Published Thursday, 19 December 2013
David Cameron and Enda Kenny visited sites across Flanders in Belgium.
In a poignant moment, the Prime Minister and the Taoiseach laid wreaths at the grave of the Irish nationalist William Redmond.
The site is known as the "lonely grave" after Redmond requested to be buried outside the British military cemetery at Locre in response to the Easter Rising executions.
Captain Redmond died aged 56 after going over the top in the 1917 battle of Messines.
The burial site is seen as an emblem of the alienation Irish Catholics felt from their countrymen at that time.
The visit was part of the decade of centenary commemorations of key events between 2012 and 2022.
The visit has been described by the Irish Government as the latest "key milestone" in deepening British-Irish relations.
Announcing the joint visit last month, Mr Kenny said that following the Queen's historic visit to Dublin in 2011, he and Mr Cameron had been keen to mark the sacrifice of those killed or injured on the battlefield.
They began their trip at the Island of Ireland Peace Park at Messines, a memorial to the 50,000 Irish war dead who fought in British uniform in an era of heightened tension at home.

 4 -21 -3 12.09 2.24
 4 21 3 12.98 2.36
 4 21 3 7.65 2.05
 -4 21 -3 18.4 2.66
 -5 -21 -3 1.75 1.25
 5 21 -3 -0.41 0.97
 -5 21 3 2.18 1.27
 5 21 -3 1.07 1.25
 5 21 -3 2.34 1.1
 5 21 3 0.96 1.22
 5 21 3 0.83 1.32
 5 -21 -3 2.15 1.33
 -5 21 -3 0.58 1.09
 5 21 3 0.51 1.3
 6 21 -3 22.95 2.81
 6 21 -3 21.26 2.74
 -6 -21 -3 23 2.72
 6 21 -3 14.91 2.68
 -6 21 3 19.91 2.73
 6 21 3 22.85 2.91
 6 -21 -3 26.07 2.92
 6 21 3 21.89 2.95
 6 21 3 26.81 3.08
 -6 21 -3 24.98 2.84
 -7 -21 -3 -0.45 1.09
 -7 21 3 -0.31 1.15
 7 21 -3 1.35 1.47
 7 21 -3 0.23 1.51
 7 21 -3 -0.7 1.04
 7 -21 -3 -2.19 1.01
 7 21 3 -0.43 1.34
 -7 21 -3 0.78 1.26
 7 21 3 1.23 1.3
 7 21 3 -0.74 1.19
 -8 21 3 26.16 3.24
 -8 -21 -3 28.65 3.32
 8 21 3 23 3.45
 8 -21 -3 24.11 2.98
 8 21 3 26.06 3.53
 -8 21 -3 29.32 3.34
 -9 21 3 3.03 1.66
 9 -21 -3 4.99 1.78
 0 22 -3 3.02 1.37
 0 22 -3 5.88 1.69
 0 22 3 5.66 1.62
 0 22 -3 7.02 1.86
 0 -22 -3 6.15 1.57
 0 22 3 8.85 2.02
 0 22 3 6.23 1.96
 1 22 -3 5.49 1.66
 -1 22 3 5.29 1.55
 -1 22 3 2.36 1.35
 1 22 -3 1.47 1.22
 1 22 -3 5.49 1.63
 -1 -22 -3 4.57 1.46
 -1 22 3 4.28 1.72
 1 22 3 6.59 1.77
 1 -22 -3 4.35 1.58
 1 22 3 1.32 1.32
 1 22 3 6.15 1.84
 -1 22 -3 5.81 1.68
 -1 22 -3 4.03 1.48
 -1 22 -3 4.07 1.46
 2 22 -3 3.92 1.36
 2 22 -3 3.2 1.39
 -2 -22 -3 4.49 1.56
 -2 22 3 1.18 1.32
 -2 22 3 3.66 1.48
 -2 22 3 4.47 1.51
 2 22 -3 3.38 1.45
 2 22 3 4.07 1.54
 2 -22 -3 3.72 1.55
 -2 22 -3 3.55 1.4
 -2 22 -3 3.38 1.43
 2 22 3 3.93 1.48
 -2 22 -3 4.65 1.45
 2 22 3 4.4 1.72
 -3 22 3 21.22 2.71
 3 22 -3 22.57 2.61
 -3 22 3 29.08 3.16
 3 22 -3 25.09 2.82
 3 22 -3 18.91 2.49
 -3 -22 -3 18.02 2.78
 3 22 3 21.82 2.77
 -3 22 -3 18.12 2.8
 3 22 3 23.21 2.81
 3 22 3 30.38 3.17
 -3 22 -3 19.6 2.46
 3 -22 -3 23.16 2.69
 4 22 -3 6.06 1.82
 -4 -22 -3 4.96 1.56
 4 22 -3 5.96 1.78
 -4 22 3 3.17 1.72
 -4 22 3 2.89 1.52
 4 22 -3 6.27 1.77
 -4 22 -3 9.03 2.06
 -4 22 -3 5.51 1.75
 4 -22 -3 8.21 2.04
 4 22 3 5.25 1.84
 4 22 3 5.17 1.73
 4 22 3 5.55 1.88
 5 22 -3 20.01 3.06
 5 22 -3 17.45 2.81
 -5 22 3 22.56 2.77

Both laid wreaths, with Mr Kenny's reading "In honour of all those who died" conducted in both Gaelic and English.
The men surveyed the former battlefield including a site of the Boxing Day truce football match.
After stopping at Captain Redmond's grave, they visited the village of Wytschaete, where the 16th (Dublin) and 36th (Ulster) divisions advanced together in the bloody 1917 Messines Ridge offensive.
They then met Belgian Prime Minister Elio Di Rupo at the Menin Gate Memorial which is dedicated to British and Commonwealth soldiers whose graves are unknown.
The tour finished at Tyne Cot Cemetery, the largest cemetery for Commonwealth forces in the world.
Nearly all of us in Britain have some family connection with that conflict, and it is the many millions of small, personal stories that resonate as loudly for us as the big, world-changing battles and campaigns.
Mr Cameron used the visit to announce £5m in new funding to help conserve, repair and protect First World War memorials and graves across the UK and overseas where British and Commonwealth servicemen and women are buried.
The extra money, funded by Libor fines and spread over the four years of the First World War centenary, will also fund new educational materials.
The Conservative Party leader's great, great uncle, Captain John Geddes died in the second battle of Ypres in 1915.
He was the first of five members of the Prime Minister's family to be killed in the war.
Mr Cameron said he felt a "strong connection" with members of his family who had died during the war.
The Prime Minister said: "Next year's centenary of the start of the First World War will be a time for the whole nation to reflect on the events that saw so many young people of that generation make the ultimate sacrifice.
"It is absolutely right that we help communities up and down the country to ensure that their local war memorials are a fitting tribute to the fallen and increase people's understanding of what happened.
"We simply should not tolerate damaged war graves in our country."
© UTV News